It is of paramount importance in the consideration of this concept that the act held out as a natural and justifiable reaction of the provoked person be done not in self-revenge, but in ventilation of a natural sudden and contemporaneous feeling of anger caused by the circumstances of the occasion”. In the instant case, the provocation that could be relied on is the cutting of the accused on the arm by the deceased – an act which has not been shown by medical evidence or otherwise to be serious. Would that justify accused’s resentment by cutting back on the deceased to the extent described by medical officer P.W.1 This is certainly, on facts in my view, out of proportion with the assault she had received even after taking into consideration, as I have done, the station in life of the peasant unsophisticated farmer to which the accused belongs.

It will be borne in mind that this defence of provocation is being considered out of an inference. The accused has not led any evidence positively that she lost any self control and acted in the heat of passion. The inference which I am rather inclined to draw from the facts of the case is that if it were true that the deceased cut the accused as alleged by the accused, the accused then seized the opportunity to indulge herself in self-revenge owing to the previous bad relationship between the two women; and the accused thereby avenged herself by killing the deceased outright. So that acting as judge and jury, I am convinced on facts, that the accused, by butchering the deceased to death in that way she did, has done an act entirely undeserved by the circumstances of the occasion, consequently she cannot take shelter under the provisions of Section 318 of the Criminal Code”.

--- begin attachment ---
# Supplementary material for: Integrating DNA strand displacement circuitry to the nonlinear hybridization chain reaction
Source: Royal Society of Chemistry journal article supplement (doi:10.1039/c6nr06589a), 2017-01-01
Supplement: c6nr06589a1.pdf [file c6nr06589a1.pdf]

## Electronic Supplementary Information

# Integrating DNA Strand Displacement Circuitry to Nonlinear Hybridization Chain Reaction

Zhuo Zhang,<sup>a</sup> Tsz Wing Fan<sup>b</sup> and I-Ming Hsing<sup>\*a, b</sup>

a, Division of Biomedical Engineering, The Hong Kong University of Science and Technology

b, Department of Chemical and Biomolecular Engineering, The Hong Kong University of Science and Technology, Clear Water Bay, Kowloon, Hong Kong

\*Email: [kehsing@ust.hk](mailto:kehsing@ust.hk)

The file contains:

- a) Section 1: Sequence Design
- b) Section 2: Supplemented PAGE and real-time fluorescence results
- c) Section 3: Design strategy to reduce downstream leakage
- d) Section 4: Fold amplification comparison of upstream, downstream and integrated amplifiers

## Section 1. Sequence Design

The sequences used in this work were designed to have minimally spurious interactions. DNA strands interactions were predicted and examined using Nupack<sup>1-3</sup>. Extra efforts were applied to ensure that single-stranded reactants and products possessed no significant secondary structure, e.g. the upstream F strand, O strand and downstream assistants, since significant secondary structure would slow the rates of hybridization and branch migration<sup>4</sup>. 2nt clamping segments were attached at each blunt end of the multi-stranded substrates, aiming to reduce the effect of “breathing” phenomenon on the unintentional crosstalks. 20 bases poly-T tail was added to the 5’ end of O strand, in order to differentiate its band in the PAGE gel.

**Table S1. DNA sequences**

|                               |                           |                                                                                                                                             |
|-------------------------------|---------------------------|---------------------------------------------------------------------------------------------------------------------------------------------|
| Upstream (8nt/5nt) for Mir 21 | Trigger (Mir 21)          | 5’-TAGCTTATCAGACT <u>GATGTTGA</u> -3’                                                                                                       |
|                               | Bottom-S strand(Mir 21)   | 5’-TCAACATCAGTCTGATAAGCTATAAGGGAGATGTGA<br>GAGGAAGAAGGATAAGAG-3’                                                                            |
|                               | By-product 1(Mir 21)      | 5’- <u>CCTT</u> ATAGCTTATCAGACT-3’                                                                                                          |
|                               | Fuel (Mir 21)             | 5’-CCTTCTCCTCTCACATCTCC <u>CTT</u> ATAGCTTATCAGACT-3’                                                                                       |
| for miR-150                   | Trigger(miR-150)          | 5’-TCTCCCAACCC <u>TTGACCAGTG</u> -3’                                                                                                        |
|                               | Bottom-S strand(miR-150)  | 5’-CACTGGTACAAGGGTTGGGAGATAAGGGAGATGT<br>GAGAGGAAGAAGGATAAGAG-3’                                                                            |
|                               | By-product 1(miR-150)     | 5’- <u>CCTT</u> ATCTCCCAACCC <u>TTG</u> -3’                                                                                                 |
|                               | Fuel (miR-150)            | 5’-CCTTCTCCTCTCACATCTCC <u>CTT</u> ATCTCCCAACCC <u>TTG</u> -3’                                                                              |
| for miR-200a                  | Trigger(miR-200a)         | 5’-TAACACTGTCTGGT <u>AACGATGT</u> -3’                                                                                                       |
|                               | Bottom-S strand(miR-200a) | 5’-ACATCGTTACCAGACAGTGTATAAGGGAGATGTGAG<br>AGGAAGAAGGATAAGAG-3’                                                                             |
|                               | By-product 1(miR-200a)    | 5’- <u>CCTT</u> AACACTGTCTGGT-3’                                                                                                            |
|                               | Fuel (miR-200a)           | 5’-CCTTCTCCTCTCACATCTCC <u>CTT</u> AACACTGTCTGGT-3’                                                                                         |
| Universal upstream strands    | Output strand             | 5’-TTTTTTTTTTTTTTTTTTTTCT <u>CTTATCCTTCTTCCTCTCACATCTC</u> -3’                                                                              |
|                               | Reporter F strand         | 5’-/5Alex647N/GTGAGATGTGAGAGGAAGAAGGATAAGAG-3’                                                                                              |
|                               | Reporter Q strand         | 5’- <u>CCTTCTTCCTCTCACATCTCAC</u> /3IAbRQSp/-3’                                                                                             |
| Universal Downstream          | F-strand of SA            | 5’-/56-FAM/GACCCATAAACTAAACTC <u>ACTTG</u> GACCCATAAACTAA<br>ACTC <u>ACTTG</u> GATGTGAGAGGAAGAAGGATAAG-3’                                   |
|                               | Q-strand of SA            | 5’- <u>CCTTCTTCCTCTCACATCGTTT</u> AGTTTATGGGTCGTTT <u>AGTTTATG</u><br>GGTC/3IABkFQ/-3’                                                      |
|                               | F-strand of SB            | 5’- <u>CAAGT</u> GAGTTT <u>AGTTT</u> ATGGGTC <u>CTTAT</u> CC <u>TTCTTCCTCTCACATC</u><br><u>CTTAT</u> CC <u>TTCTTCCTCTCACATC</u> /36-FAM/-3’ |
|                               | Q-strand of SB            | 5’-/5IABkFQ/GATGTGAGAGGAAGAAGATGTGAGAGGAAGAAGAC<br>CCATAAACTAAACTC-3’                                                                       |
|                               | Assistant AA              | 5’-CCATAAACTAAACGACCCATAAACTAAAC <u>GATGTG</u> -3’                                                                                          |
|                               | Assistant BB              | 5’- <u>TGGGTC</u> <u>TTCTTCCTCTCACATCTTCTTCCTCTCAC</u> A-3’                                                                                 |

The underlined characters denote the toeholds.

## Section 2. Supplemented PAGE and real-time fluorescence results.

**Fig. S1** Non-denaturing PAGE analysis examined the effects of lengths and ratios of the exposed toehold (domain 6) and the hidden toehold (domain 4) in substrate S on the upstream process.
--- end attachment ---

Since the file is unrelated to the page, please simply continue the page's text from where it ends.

The matchet with which the murder was committed was proved to be the property of the appellant. It was proved that she did not farm in the same area as the deceased and that the deceased was killed in her own farm, not in the appellant’s farm. The learned trial Judge rightly in our view rejected the defence of provocation and convicted the appellant.

For the above reasons, we found no merit in the appeal and dismissed it.

Other Citation: (1976) LCN/2336(SC)